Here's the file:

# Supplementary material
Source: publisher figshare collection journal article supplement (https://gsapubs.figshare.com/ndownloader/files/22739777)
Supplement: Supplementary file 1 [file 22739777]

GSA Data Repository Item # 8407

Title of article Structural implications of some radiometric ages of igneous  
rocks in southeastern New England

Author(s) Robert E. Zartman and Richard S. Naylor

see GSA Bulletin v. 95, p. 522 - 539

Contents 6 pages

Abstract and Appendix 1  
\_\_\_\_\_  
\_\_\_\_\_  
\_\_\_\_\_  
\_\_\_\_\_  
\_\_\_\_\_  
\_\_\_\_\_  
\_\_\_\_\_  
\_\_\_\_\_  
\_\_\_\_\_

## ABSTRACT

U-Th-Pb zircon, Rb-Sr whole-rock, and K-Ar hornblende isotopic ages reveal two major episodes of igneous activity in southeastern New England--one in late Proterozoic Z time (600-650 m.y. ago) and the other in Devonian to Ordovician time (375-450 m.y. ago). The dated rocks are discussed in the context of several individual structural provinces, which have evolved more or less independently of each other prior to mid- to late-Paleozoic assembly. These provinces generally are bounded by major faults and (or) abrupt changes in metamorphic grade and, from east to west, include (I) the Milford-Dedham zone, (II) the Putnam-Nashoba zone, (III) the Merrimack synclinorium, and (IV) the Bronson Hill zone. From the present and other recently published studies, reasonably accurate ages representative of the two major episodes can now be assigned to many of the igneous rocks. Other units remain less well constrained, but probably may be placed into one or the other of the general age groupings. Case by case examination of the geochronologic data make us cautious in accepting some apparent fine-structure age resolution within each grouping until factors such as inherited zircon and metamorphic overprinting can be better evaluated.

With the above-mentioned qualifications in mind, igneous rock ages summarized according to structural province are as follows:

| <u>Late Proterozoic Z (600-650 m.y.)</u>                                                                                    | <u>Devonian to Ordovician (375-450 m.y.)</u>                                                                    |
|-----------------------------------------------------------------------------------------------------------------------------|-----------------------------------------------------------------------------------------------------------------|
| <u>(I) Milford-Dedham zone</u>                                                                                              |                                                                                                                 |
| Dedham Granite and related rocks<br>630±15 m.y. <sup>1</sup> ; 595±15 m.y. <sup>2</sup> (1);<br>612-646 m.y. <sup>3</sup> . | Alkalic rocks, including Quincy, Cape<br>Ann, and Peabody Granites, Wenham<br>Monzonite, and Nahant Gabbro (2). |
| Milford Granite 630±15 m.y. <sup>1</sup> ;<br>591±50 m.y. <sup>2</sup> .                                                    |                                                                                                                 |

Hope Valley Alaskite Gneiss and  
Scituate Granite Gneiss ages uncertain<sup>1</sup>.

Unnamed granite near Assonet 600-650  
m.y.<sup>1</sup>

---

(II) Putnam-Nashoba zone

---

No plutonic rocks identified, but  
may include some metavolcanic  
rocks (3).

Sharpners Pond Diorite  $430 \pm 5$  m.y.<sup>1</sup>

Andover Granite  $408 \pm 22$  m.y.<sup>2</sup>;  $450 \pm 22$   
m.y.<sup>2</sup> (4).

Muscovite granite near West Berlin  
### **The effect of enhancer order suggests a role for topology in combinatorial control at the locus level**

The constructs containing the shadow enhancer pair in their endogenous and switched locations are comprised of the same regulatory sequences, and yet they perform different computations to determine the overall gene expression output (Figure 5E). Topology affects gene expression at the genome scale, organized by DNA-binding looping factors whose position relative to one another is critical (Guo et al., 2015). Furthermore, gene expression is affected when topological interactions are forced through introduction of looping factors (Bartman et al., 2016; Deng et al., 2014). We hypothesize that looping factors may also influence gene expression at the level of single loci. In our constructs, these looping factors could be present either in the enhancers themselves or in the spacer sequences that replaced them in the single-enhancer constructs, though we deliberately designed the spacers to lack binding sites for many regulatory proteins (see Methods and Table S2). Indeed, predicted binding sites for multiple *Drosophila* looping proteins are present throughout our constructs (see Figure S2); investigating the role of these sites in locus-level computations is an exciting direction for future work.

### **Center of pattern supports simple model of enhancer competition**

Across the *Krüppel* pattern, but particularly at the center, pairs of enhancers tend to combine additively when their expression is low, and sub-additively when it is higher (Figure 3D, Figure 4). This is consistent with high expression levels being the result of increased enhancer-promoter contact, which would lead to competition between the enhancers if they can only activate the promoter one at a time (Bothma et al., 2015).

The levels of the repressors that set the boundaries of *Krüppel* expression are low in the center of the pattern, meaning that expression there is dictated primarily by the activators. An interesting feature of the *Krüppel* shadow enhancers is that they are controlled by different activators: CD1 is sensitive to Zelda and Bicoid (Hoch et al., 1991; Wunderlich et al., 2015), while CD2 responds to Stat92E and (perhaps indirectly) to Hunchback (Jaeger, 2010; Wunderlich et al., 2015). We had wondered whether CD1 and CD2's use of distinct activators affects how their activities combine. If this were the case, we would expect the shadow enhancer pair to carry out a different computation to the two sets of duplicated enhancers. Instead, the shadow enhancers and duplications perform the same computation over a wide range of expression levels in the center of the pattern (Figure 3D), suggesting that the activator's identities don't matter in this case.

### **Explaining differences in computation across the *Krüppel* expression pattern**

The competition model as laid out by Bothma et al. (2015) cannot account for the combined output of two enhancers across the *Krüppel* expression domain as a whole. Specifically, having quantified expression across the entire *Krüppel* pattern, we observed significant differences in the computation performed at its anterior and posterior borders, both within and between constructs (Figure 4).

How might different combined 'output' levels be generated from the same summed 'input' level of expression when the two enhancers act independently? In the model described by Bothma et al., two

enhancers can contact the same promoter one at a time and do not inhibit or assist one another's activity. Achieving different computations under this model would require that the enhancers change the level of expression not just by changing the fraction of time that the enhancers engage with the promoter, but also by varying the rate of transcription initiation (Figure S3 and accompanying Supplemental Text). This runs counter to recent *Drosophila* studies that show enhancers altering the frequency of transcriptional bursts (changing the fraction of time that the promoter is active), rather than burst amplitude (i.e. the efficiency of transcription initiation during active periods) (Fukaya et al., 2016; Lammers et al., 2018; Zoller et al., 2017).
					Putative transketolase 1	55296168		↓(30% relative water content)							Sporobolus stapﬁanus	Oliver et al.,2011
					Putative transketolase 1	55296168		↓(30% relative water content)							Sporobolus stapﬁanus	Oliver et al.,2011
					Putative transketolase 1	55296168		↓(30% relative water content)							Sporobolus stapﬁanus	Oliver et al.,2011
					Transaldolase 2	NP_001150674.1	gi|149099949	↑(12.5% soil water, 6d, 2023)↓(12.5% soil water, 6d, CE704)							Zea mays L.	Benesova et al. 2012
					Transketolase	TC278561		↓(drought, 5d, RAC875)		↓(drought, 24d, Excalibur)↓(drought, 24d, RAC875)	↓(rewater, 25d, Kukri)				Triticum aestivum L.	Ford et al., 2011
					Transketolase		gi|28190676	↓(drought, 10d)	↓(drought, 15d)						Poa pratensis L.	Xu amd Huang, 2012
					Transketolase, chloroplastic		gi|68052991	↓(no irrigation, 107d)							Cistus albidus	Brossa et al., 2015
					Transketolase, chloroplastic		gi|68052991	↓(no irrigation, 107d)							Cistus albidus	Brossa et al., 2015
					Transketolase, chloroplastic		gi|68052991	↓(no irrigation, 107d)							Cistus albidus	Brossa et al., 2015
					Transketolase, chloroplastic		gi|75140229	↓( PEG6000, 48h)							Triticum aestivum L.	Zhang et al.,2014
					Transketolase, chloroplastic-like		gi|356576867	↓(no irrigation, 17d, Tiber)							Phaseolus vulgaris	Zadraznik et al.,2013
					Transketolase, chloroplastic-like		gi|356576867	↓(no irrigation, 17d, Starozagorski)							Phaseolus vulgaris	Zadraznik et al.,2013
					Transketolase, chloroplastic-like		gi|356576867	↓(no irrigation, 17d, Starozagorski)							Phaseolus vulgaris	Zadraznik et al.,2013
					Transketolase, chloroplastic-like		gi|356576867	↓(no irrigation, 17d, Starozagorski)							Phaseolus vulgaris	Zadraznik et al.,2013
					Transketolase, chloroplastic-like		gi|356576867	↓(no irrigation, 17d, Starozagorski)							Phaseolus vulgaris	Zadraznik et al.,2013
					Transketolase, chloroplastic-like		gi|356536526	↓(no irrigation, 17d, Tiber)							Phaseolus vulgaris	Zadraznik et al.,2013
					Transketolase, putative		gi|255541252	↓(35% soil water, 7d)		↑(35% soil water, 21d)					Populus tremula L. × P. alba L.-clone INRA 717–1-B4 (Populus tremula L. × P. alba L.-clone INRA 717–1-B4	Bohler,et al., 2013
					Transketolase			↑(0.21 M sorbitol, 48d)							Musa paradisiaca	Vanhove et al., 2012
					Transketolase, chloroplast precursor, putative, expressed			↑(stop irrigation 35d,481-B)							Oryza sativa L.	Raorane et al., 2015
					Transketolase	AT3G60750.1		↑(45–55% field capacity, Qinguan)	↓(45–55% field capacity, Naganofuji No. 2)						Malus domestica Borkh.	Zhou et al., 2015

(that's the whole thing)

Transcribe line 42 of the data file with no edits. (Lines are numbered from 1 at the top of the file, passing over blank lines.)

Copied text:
### **The effect of enhancer order suggests a role for topology in combinatorial control at the locus level**